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Then add the capers.

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Gently mix everything together until evenly distributed.

Then you have a choice. You could fill up a pretty crock or bowl with this mixture, or mold it in a bowl lined with plastic wrap for a prettier presentation (although I usually add a little butter to these mixtures so they mold better). In this case, I simply grabbed the whole mixture with my (clean) hands and formed a ball with it. I placed the ball on a wooden board.

Then I sprinkled chopped chives over the top.
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Today I served torn up pieces of naan with the spread.
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I also included a few garlic-stuffed olives for fun.

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I served a sauvignon blanc along with the spread and bread, nice and chilled.

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Any kind of bread or toasts, or even good crackers could be substituted for the naan.

An important thing to note is that this spread must be served at room temperature. If the spread needs to be refrigerated, allow it to come to room temperature prior to serving. Flavors are just enhanced at room temperature, plus it makes the spread smoother for spreading on the bread.

note: This post is not a tutorial on smoked salmon. There are so many different varieties of hot- and cold-smoked salmon, and their resulting textures are very different. Then there’s lox and gravlax, which are also different. Just taste them all and figure out which ones suit different purposes, because they all have a place.

White Bean Mash

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A friend of mine gave me a lovely bag of cannellini beans for Christmas, one of many items in a gourmet gift basket, and I decided right after New Year’s to cook them up.

I did them in a rather basic way, with the common aromatics plus lots of parsley. No specific flavors happening – certainly nothing Mexican- or Southwestern-inspired.

But then I decided to process the cooked white beans into a mash for a prettier bean presentation. I was actually inspired by my own re-creation of a potato mash topped with salmon that I’d had in Edinborough, Scotland. I posted about it here. If you can mash potatoes, you can certainly mash cooked beans! It’s done all the time with black beans; it’s essentially what I do if I want refried black beans. There’s no frying involved, I simply use a food processor.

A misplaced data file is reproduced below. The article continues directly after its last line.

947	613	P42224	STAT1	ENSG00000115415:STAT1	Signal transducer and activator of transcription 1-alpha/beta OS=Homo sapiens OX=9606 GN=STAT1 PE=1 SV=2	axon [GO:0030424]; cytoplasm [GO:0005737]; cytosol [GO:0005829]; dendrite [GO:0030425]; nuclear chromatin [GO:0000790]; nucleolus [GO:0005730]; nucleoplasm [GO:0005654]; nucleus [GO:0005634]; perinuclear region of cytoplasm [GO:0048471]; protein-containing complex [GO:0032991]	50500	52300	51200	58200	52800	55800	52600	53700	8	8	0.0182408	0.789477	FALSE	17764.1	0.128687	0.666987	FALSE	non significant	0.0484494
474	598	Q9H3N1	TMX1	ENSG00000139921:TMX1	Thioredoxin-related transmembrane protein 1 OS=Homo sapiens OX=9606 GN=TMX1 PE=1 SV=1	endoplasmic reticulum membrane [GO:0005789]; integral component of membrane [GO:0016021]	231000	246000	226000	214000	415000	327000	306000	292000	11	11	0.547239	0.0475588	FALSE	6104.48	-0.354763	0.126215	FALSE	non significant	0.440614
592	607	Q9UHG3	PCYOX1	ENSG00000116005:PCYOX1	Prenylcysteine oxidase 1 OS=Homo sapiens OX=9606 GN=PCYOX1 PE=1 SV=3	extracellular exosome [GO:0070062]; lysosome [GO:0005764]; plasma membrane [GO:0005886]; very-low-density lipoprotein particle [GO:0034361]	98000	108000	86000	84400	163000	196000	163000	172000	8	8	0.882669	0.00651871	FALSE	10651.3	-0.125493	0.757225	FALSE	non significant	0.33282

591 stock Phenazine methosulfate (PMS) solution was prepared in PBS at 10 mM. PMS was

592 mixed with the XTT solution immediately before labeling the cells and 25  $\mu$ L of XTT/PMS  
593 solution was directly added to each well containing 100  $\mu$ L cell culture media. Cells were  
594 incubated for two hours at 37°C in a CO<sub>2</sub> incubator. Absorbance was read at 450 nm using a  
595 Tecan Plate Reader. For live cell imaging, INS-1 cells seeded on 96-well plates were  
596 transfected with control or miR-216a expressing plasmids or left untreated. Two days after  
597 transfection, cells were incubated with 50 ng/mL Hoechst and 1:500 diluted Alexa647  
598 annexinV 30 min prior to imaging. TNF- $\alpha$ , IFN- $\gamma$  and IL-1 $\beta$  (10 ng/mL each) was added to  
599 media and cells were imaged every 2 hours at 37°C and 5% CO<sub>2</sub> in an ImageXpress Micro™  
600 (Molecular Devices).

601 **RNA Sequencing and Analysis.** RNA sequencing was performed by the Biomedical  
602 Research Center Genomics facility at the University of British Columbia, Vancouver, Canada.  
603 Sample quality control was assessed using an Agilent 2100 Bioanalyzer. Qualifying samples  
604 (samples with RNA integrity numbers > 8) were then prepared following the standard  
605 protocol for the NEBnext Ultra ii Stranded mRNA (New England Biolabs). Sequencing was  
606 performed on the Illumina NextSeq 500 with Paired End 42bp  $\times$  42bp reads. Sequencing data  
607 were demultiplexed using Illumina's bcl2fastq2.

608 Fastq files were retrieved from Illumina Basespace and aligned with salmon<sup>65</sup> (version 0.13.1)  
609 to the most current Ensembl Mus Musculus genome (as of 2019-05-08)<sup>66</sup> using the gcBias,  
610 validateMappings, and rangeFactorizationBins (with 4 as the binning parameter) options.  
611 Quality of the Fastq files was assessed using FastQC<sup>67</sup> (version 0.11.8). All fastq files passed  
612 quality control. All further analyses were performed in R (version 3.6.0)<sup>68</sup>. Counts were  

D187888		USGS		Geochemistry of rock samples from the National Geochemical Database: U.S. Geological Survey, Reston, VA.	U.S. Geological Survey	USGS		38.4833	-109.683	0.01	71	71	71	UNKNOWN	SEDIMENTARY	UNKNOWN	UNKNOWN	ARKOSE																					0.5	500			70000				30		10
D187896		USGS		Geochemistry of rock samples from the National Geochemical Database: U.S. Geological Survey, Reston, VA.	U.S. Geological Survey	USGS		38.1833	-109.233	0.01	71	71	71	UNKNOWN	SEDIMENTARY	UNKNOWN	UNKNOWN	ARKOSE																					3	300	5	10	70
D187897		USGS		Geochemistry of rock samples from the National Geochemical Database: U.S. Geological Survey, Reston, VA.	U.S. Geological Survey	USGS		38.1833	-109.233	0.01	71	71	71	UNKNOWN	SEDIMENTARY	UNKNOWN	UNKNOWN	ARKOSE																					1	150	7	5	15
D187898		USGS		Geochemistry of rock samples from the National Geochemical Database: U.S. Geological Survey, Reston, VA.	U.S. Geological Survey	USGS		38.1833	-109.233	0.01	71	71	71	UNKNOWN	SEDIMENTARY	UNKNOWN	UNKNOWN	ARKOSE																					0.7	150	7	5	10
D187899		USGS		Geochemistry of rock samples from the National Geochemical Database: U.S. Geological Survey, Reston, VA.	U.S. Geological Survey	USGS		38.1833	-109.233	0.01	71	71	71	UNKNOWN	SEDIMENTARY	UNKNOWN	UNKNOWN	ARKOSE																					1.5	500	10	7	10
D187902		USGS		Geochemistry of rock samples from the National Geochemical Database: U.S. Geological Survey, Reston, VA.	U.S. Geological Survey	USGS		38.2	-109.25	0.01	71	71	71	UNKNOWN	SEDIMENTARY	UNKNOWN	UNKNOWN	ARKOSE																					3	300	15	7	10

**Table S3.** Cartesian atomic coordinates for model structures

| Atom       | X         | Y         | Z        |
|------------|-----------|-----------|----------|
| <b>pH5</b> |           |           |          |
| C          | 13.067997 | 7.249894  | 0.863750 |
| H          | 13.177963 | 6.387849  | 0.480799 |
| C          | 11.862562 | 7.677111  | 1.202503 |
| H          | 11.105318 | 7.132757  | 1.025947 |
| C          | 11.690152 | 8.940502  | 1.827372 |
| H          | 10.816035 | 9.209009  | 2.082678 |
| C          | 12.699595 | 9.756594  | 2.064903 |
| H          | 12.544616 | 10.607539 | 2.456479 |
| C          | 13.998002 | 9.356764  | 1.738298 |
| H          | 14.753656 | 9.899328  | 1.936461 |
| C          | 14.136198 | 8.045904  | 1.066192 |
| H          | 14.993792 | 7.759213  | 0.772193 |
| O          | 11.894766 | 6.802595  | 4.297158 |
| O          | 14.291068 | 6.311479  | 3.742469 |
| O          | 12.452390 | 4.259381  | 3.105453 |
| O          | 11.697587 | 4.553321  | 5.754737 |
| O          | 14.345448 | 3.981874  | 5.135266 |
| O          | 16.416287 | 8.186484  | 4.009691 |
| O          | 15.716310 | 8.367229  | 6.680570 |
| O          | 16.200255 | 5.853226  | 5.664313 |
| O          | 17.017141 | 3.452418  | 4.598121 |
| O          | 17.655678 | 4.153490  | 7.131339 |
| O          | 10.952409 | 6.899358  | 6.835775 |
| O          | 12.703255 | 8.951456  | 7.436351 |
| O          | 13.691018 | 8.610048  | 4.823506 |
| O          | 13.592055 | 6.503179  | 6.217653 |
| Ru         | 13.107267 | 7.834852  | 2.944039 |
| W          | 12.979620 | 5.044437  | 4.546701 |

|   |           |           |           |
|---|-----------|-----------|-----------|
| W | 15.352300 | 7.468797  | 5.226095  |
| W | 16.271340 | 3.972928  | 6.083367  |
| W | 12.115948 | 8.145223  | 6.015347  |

So why not mash white beans as well?

So here’s what I did with the cooked white beans. This would also work really well with canned beans, as long as they’re very well drained – I just wanted to use these wonderful cannellini beans from Italy.

1. Here are the cooked white beans. If I’d known I would end up “mashing” the beans, I wouldn’t have included the carrot dice; I would have preferred a whiter bean mash.

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2. Place the desired amount of white beans in the food processor.
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3. Process just a little; there should still be some whole beans.
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4. Scrape down the bowl of the food processor and process a little more with little pulses. You don’t want mushy baby food – there should still be some texture. This would also be a good time to taste the beans and make sure they’re well seasoned.
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5. Fill up one ring mold with the bean mash, and smooth the top.
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6. Slide the mash onto the plate, and remove the ring. Beautiful. But see how you can see the carrots? Mistake. Because the orangey color doesn’t contrast well enough to the smoked salmon. Just a personal color thing for me.

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7. Decorate the mash with strips of smoked salmon, and include a little chopped parsley for color.

8. Then drizzle the concoction with a little good olive oil, and some balsamic vinegar. I also added freshly ground black pepper.

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note: I should mention that the bean mash and the smoked salmon were at room temperature. The bean mash would also have been good with smoked salmon dice incorporated as well, but I don’t think it would have been as pretty.

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verdict: Smashing. My lunch was way better than my husband’s!